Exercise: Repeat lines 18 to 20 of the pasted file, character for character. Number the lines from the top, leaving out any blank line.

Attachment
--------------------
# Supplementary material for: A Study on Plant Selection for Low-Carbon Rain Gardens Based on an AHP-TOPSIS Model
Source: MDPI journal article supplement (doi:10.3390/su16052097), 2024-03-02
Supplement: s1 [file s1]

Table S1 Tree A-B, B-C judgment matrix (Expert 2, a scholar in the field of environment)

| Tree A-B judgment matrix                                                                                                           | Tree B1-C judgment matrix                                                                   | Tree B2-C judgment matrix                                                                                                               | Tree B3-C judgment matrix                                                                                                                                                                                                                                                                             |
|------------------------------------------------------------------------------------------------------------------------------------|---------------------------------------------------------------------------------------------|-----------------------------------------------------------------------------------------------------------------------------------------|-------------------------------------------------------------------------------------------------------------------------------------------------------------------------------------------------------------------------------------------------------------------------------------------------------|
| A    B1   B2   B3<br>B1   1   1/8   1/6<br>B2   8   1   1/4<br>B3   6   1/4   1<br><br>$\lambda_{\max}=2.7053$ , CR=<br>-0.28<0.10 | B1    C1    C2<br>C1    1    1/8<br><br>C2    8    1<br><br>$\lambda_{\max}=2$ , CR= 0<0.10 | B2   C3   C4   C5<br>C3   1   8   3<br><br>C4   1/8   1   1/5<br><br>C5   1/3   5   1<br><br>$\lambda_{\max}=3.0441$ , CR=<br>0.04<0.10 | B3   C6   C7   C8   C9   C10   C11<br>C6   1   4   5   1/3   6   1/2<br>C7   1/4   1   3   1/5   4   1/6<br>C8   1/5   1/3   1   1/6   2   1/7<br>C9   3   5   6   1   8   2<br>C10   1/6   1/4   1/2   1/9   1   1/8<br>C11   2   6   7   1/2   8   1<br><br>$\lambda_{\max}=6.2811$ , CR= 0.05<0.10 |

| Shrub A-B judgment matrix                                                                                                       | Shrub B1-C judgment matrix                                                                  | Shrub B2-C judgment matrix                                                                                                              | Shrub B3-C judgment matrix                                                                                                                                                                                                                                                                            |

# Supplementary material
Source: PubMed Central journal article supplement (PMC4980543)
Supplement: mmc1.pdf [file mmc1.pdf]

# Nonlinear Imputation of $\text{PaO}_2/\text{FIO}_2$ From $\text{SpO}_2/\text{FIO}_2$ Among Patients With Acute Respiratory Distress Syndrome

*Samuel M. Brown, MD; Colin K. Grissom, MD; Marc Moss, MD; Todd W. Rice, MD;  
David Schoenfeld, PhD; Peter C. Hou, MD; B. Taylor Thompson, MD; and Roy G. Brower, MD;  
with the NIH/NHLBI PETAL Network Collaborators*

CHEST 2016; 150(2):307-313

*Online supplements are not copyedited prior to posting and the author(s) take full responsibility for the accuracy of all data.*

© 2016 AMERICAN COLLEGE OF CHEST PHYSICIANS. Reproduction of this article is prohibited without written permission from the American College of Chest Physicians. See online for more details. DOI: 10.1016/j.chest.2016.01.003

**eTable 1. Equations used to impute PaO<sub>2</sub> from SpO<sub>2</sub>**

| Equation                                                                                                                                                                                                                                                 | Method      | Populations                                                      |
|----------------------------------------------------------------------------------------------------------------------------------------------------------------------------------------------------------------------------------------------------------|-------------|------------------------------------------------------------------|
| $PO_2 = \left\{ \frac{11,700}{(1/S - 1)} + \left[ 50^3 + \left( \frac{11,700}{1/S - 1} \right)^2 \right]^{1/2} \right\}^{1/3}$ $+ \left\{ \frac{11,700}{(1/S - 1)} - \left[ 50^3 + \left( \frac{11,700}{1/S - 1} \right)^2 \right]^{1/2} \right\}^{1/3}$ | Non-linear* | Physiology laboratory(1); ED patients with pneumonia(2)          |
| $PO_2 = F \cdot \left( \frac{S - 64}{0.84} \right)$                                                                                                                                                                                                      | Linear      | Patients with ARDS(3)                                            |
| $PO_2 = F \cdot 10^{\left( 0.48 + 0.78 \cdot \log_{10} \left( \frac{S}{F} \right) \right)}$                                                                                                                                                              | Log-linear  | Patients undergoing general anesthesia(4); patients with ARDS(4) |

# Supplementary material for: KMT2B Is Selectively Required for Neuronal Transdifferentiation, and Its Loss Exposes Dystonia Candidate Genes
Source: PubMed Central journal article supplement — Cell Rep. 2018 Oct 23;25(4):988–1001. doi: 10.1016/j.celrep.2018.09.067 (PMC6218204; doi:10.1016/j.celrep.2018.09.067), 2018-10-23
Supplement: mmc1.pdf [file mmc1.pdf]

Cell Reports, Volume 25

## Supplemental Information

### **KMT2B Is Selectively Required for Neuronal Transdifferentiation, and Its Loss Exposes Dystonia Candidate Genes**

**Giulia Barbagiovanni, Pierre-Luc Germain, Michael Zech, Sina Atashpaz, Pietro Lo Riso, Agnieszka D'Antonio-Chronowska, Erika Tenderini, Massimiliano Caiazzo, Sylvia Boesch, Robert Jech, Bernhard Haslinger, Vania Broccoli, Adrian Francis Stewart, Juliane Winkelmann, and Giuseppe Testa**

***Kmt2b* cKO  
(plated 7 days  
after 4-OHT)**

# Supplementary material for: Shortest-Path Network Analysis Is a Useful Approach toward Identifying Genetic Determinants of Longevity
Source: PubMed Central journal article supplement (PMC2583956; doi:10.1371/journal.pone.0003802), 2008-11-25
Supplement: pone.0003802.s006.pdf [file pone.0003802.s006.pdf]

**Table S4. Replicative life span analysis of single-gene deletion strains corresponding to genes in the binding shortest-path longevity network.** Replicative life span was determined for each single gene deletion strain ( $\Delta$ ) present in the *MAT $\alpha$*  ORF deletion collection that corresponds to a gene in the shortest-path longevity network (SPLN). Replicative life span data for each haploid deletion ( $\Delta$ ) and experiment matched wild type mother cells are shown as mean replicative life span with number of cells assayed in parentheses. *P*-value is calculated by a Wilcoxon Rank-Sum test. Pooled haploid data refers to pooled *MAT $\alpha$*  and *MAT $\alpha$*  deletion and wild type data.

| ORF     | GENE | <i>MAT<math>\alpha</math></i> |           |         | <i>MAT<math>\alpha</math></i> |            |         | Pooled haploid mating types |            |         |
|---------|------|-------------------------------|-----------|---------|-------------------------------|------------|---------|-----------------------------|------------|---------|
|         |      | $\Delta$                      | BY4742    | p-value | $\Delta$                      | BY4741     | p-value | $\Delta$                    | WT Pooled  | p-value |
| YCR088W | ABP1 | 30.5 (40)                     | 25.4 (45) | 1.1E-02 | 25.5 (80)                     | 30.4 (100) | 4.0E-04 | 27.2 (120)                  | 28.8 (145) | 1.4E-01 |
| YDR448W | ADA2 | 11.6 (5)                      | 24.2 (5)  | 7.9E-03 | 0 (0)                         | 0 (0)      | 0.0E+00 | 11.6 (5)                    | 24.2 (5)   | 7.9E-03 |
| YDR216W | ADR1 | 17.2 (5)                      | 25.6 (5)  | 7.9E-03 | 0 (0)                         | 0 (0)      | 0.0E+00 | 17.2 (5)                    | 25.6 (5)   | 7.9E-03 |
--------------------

© 2016 AMERICAN COLLEGE OF CHEST PHYSICIANS. Reproduction of this article is prohibited without written permission from the American College of Chest Physicians. See online for more details. DOI: 10.1016/j.chest.2016.01.003

**eTable 1. Equations used to impute PaO<sub>2</sub> from SpO<sub>2</sub>**

| Equation                                                                                                                                                                                                                                                 | Method      | Populations                                                      |